Maddeningly predictable — especially within our wonderfully inept governmental system — is the opposition currently underway by Senate Democrats toward confirming Gorsuch as a judge. A particularly sad piece of the modern American governmental system that never ceases to surprise me is the seemingly unavoidable hypocrisy that divides our Congress. When Senate Majority Leader Mitch McConnell succeeded in barring Merrick Garland from a Senate confirmation hearing last year, and in doing so let his jowls hang low upon the fabric of our Constitution, the Democrats — rightfully so — responded with heated backlash, acting as if McConnell’s actions were the single worst behavior to have occurred in American history. However, the tables turn ever so slightly, and Pelosi now heads the opposition, implying she plans to do the same thing to Gorsuch that McConnell did to Garland less than a year ago. This is the cycle of our government: one party whines about the actions of another, blames them for the inefficiency of the system, and then when power changes hands, seemingly forgets about their own complaints and do quite literally the exact same thing to which they originally objected. This, my dear readers, is why our government gets nothing done; we have such feeble-minded leaders that would rather halt the process of American democracy than simply hear the Supreme Court nominee of an opposing party. Even as a Democrat, I sincerely hope the Democratic Party fails in their attempts to halt Gorsuch from a Senate hearing. We all ought to be sick of the foolishness and hypocrisy of our governmental leaders.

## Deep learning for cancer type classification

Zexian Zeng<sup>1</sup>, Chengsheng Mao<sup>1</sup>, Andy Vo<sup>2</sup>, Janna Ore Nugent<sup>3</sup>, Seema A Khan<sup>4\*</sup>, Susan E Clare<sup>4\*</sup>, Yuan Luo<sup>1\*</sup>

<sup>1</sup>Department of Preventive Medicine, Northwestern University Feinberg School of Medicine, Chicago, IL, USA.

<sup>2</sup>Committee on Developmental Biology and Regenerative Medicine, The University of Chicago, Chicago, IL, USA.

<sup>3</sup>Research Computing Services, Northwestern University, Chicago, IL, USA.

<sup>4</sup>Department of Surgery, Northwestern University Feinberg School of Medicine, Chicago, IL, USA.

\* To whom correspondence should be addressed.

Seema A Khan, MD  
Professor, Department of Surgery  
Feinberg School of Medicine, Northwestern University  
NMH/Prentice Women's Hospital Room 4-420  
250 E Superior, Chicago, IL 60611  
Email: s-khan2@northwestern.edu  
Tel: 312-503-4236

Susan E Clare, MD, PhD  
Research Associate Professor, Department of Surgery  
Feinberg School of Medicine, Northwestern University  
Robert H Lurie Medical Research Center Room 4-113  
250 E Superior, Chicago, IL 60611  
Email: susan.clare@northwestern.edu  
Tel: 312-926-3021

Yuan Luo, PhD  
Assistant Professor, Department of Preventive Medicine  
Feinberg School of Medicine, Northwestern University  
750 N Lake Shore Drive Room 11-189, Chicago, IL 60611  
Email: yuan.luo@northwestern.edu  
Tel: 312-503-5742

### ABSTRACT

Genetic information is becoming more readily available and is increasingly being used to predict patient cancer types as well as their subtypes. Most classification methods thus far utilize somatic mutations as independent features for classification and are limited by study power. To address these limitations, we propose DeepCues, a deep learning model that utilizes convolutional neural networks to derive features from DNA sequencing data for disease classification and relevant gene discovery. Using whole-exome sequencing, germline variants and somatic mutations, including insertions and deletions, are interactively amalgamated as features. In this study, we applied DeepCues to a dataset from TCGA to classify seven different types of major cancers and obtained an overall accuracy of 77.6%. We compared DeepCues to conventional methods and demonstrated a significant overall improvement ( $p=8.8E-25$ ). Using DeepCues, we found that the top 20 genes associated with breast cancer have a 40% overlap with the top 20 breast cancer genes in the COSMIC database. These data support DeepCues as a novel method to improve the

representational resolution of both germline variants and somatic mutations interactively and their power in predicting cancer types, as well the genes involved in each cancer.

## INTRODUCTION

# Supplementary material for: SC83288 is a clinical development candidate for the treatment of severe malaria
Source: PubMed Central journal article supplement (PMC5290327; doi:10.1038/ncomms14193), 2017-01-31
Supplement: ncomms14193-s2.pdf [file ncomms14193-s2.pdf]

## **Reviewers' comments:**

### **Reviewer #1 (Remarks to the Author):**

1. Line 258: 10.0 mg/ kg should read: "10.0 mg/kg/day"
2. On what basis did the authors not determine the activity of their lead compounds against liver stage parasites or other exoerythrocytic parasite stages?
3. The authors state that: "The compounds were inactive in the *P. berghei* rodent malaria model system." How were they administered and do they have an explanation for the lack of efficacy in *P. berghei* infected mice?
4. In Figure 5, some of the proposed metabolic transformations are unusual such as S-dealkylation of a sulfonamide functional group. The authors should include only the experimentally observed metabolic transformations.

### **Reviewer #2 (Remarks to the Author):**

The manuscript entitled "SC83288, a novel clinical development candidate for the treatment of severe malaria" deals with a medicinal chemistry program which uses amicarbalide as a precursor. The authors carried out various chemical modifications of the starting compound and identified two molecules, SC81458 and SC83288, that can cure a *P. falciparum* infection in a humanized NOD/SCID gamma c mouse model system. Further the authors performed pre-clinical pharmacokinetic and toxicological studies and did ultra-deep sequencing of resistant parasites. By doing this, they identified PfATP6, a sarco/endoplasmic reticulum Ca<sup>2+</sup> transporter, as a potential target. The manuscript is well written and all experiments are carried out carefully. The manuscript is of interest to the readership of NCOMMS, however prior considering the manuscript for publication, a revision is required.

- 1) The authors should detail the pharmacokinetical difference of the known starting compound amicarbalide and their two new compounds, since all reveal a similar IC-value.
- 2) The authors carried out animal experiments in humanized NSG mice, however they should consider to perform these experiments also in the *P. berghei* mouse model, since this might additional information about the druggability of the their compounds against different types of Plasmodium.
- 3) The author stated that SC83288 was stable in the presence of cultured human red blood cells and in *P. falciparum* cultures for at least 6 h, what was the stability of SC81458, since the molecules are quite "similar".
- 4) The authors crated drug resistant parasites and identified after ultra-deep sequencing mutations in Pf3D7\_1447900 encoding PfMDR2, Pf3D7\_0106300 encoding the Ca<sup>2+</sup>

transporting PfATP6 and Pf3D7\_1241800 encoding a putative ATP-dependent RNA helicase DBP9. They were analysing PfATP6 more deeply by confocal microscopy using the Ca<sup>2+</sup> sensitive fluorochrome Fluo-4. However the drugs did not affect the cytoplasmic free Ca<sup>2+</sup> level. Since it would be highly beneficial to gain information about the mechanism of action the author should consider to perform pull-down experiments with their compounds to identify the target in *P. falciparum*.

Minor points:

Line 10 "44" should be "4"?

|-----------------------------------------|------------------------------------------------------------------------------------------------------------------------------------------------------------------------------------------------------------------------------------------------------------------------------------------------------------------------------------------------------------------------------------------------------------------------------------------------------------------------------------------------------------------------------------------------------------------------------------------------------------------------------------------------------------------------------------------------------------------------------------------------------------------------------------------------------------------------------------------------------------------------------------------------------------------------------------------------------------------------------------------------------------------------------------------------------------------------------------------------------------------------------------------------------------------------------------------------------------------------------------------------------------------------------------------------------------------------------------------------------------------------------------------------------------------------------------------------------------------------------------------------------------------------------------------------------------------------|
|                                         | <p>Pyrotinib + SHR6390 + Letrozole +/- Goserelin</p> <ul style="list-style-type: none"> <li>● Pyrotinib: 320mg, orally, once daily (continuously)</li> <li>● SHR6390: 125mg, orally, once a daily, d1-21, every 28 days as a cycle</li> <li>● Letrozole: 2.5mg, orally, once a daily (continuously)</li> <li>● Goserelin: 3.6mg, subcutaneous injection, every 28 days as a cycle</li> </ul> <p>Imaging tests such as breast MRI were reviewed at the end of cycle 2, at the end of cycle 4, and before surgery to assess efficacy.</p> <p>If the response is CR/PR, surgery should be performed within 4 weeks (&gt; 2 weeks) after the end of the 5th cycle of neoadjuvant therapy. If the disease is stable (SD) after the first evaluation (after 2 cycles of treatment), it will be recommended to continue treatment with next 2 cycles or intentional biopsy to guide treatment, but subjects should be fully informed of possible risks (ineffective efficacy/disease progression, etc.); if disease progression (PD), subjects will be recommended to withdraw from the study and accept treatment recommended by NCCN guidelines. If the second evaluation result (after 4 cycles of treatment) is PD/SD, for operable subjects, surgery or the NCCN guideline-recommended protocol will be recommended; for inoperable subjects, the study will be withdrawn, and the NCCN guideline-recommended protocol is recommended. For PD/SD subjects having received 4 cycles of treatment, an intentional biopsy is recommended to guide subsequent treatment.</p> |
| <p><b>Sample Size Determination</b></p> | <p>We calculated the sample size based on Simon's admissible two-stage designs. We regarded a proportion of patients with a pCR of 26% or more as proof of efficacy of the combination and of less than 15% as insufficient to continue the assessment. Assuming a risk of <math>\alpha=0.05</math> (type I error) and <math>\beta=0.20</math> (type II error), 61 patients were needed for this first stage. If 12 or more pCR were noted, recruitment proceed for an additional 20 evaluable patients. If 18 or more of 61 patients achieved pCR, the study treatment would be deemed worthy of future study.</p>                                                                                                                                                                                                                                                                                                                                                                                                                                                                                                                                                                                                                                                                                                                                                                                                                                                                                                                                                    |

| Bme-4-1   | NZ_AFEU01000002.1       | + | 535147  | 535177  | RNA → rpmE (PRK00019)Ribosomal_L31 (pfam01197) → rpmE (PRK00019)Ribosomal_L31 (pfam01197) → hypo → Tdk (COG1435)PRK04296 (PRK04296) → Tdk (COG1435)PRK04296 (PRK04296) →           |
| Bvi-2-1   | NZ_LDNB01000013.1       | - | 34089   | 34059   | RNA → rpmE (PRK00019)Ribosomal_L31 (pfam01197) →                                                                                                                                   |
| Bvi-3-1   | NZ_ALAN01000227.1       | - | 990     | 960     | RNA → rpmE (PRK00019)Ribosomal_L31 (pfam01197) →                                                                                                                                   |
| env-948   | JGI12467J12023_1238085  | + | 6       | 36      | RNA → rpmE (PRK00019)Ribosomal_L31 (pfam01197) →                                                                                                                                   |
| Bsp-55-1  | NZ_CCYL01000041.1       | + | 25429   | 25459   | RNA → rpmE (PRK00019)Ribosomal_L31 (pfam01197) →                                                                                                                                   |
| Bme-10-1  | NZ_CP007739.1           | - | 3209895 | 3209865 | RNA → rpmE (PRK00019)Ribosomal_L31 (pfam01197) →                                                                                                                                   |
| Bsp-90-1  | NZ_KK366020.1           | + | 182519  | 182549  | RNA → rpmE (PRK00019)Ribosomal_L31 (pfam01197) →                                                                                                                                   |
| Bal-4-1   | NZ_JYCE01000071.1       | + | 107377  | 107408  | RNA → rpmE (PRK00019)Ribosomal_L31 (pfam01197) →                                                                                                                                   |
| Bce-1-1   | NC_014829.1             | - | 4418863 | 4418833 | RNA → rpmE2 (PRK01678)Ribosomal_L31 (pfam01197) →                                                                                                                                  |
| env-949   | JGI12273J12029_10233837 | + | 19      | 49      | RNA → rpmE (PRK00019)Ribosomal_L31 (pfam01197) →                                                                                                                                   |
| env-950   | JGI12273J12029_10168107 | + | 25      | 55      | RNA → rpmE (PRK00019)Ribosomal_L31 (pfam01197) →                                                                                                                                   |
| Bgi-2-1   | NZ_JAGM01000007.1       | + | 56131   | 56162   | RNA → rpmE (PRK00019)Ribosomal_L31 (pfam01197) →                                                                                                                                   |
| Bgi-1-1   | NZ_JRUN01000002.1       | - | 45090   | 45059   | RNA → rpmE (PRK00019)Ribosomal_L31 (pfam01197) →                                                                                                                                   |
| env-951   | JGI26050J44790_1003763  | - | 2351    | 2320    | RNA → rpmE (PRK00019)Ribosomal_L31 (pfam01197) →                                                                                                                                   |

It can be very difficult imagining a Trump nominee in any department to be relevant, or at the most basic of capacities, sane. While Trump has nominated a slew of blockheads to fill his establishment, perhaps Gorsuch may be the small — truly almost unseeable — light at the end of the Trump tunnel. As it currently sits, Gorsuch seems to be one of the least problematic nominees of the Trump administration, and although that is certainly subject to change, the man does not outwardly pose a threat to our nation. Within the seemingly cataclysmic news produced about Gorsuch, one must remember that the repealing of DOMA, the subsequent nationwide legalization of same-sex marriage, and the upholding of the Affordable Care Act all occurred under a 5-4 conservatively-leaning bench. A successful confirmation of Gorsuch will return the Supreme Court to a 5-4 conservative lean, and yet so much progress — with respect to civil rights rulings — was achieved under a similarly ideological court.
Though Gorsuch’s existence on the Supreme Court will be rooted in the Trump administration, I propose we give Gorsuch a chance to be recognized, at the very least, in an unobstructed Senate confirmation hearing. The process of American government cannot afford to be halted any longer, and if we expect to recover after the next four years of unconstitutional presidential garbage, we must uphold the Constitution now, when it seems most difficult, and allow Gorsuch to be heard.